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- Thread starter maceng7
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SammyS

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You're right, there is no general rule.

Whatever gives better cancellation of offending factors is often a good choice.

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What's a good way to start then? Putting the function whose derivative is simpler on the bottom or top or does it even matter?

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SammyS

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It's not always that simple, (Pardon the joke.) although that does often work.

I have seen cases where the derivative of top or bottom gets more complicated than the original, but the result affords just the right amount of cancelling with the other derivative so that the overall result is nicely behaved.

--- no example off the top of my head.

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Alright I think I did this one correctly

lim x--> 1

I found this limit by putting ln(x) in the numerator and tan(∏x/2) in the denominator. I used l'hospital's rule once and found it to be 1/∞ so my answer is 0. Is this correct?

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SammyS

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Please show your steps.Alright I think I did this one correctly

lim x--> 1^{+}ln(x) * tan(∏x/2)

I found this limit by putting ln(x) in the numerator and tan(∏x/2) in the denominator. I used l'hospital's rule once and found it to be 1/∞ so my answer is 0. Is this correct?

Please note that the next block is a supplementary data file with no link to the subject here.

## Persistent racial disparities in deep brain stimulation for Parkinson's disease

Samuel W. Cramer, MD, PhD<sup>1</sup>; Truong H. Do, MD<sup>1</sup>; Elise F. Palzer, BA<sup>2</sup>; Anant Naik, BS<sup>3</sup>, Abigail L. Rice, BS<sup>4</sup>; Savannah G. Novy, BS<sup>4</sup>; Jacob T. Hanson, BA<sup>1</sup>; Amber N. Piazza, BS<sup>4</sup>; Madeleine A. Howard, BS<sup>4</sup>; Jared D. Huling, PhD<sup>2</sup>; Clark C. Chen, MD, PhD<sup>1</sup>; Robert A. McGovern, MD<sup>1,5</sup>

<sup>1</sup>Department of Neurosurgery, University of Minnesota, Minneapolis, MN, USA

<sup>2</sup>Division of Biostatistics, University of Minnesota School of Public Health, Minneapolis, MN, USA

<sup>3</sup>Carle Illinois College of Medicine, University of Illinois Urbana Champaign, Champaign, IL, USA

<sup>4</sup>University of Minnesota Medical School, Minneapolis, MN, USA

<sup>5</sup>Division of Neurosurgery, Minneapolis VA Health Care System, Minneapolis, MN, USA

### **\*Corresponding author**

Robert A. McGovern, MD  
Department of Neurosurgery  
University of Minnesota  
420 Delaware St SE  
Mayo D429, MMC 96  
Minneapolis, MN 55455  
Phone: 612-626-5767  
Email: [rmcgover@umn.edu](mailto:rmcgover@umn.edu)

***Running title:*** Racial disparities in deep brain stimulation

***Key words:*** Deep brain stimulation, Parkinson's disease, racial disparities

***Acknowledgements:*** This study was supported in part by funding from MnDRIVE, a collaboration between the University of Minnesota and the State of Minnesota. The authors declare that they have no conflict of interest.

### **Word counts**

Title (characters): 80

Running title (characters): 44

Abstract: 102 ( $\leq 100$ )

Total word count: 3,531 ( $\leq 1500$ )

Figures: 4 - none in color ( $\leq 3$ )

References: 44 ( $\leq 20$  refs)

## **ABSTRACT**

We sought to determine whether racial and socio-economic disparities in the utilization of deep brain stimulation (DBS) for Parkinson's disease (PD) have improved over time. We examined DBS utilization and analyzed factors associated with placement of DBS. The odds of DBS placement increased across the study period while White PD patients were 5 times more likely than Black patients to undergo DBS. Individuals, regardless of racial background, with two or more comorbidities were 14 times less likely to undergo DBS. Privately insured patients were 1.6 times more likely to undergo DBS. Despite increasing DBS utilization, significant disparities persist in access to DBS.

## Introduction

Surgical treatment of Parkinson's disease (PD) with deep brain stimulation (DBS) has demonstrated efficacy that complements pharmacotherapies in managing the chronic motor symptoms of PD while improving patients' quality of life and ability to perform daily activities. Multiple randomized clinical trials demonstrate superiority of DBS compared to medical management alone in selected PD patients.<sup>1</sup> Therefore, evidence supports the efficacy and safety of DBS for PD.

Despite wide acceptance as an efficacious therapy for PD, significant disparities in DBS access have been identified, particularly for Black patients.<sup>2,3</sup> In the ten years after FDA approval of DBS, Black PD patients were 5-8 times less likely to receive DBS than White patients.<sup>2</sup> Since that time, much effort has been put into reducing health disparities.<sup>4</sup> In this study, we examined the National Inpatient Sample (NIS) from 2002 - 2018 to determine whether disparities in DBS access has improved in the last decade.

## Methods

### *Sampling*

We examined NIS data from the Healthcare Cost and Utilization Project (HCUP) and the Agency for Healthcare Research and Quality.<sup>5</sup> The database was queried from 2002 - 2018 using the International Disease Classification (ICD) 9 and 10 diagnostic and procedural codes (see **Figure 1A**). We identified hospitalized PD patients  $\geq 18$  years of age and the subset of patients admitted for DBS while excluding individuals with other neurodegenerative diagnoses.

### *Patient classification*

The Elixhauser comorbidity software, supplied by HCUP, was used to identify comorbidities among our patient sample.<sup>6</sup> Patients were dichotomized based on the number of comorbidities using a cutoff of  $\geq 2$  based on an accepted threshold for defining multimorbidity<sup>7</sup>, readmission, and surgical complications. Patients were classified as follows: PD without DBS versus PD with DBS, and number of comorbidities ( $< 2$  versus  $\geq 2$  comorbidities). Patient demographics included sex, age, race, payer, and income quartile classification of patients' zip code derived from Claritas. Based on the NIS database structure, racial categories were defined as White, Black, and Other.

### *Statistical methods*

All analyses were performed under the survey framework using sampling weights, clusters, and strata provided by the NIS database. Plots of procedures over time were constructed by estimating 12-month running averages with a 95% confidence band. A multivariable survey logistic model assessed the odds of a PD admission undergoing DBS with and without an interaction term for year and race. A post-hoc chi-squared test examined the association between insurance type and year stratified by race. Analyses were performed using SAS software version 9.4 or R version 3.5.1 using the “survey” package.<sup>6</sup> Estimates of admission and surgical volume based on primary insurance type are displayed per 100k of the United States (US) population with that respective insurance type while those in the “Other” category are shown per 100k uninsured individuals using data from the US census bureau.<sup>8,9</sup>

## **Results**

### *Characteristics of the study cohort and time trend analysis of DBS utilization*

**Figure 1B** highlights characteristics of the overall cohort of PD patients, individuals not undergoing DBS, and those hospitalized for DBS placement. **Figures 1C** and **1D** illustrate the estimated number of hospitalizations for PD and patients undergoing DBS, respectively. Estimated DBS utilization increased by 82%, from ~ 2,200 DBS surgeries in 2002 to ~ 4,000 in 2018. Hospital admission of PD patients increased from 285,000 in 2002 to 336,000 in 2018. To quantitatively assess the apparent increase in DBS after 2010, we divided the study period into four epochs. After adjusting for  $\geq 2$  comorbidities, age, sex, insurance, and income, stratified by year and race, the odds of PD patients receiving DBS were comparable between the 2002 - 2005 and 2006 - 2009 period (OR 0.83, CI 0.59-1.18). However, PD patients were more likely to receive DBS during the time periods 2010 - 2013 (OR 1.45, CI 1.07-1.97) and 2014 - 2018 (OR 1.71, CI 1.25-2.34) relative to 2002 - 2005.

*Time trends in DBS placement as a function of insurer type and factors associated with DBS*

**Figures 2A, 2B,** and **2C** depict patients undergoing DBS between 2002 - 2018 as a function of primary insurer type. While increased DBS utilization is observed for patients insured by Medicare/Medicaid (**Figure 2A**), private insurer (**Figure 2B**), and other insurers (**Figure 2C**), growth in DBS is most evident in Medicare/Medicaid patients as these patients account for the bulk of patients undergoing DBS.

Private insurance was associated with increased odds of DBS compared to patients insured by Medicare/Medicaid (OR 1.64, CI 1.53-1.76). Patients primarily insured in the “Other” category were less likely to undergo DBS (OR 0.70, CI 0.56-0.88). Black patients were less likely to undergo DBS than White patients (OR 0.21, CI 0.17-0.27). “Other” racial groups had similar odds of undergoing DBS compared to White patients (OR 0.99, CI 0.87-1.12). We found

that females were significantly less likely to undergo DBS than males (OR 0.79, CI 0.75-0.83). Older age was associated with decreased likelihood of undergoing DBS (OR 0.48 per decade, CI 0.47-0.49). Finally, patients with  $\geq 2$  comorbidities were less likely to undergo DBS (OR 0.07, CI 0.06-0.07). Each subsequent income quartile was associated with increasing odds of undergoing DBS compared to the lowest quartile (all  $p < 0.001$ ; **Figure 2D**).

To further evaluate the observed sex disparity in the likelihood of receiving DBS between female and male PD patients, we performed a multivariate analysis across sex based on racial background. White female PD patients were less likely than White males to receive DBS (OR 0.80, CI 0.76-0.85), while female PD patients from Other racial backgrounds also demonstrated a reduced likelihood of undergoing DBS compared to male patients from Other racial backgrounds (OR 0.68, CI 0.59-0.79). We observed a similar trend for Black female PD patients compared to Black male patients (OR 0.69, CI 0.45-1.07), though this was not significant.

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Dick

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Alright I think I did this one correctly

lim x--> 1^{+}ln(x) * tan(∏x/2)

I found this limit by putting ln(x) in the numerator and tan(∏x/2) in the denominator. I used l'hospital's rule once and found it to be 1/∞ so my answer is 0. Is this correct?

No, it's not right. How exactly did you do that? You don't just 'put something into the denominator'. a*b is not equal to a/b, it is equal to a/(1/b).

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It appears we are all giving the same advice. @maceng7 is what we are saying making any sense?

Let a = ln(x) and b = tan(pix/2). As dick mentioned, a*b is entirely different from a/b. By putting the b in the denominator, you've created a new function, entirely different from the original; and when you evaluate the limit of a/b, the result you get tells you nothing of the limit for a*b. This is true, because a*b and a/b are different functions.

Let a = ln(x) and b = tan(pix/2). As dick mentioned, a*b is entirely different from a/b. By putting the b in the denominator, you've created a new function, entirely different from the original; and when you evaluate the limit of a/b, the result you get tells you nothing of the limit for a*b. This is true, because a*b and a/b are different functions.

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Ray Vickson

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NO: if it is 0/∞ you are done: the answer = 0 and there is no need for l'Hospital's rule.

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SammyS

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But asNO: if it is 0/∞ you are done: the answer = 0 and there is no need for l'Hospital's rule.

Let's wait to hear back from OP .

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